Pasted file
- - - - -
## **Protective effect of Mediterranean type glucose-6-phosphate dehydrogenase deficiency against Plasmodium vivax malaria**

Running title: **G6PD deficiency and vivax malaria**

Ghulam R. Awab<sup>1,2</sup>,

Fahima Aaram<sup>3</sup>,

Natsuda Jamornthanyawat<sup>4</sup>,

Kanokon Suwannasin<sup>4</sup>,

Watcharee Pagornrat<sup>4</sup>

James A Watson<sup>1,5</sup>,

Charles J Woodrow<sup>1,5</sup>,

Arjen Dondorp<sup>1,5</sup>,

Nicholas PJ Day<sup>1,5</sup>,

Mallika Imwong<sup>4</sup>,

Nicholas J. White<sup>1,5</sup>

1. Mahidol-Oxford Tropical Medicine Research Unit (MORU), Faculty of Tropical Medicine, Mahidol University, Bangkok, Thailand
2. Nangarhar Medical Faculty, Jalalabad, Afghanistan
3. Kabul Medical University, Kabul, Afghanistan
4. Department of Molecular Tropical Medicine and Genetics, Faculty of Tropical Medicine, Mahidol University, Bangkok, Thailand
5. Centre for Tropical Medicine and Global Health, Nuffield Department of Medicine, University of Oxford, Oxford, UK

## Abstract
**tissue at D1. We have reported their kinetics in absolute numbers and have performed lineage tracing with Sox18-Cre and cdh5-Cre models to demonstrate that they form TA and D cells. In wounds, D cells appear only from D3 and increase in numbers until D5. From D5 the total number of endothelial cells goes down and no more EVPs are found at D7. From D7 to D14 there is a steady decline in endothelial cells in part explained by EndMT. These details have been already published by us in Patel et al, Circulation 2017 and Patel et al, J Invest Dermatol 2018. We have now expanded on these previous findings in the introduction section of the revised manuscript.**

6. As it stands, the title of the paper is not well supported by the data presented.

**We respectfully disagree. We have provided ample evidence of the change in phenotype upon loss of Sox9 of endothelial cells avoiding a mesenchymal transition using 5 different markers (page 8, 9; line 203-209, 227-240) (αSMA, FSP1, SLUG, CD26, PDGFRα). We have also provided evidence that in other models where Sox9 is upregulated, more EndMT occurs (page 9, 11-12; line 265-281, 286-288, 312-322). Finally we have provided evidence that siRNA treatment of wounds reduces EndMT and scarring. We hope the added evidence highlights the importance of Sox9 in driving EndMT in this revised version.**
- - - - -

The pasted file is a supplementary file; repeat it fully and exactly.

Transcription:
## **Protective effect of Mediterranean type glucose-6-phosphate dehydrogenase deficiency against Plasmodium vivax malaria**

Running title: **G6PD deficiency and vivax malaria**

Ghulam R. Awab<sup>1,2</sup>,

Fahima Aaram<sup>3</sup>,

Natsuda Jamornthanyawat<sup>4</sup>,

Kanokon Suwannasin<sup>4</sup>,

Watcharee Pagornrat<sup>4</sup>

James A Watson<sup>1,5</sup>,

Charles J Woodrow<sup>1,5</sup>,

Arjen Dondorp<sup>1,5</sup>,

Nicholas PJ Day<sup>1,5</sup>,

Mallika Imwong<sup>4</sup>,

Nicholas J. White<sup>1,5</sup>

1. Mahidol-Oxford Tropical Medicine Research Unit (MORU), Faculty of Tropical Medicine, Mahidol University, Bangkok, Thailand
2. Nangarhar Medical Faculty, Jalalabad, Afghanistan
3. Kabul Medical University, Kabul, Afghanistan
4. Department of Molecular Tropical Medicine and Genetics, Faculty of Tropical Medicine, Mahidol University, Bangkok, Thailand
5. Centre for Tropical Medicine and Global Health, Nuffield Department of Medicine, University of Oxford, Oxford, UK

## Abstract
**tissue at D1. We have reported their kinetics in absolute numbers and have performed lineage tracing with Sox18-Cre and cdh5-Cre models to demonstrate that they form TA and D cells. In wounds, D cells appear only from D3 and increase in numbers until D5. From D5 the total number of endothelial cells goes down and no more EVPs are found at D7. From D7 to D14 there is a steady decline in endothelial cells in part explained by EndMT. These details have been already published by us in Patel et al, Circulation 2017 and Patel et al, J Invest Dermatol 2018. We have now expanded on these previous findings in the introduction section of the revised manuscript.**

6. As it stands, the title of the paper is not well supported by the data presented.

**We respectfully disagree. We have provided ample evidence of the change in phenotype upon loss of Sox9 of endothelial cells avoiding a mesenchymal transition using 5 different markers (page 8, 9; line 203-209, 227-240) (αSMA, FSP1, SLUG, CD26, PDGFRα). We have also provided evidence that in other models where Sox9 is upregulated, more EndMT occurs (page 9, 11-12; line 265-281, 286-288, 312-322). Finally we have provided evidence that siRNA treatment of wounds reduces EndMT and scarring. We hope the added evidence highlights the importance of Sox9 in driving EndMT in this revised version.**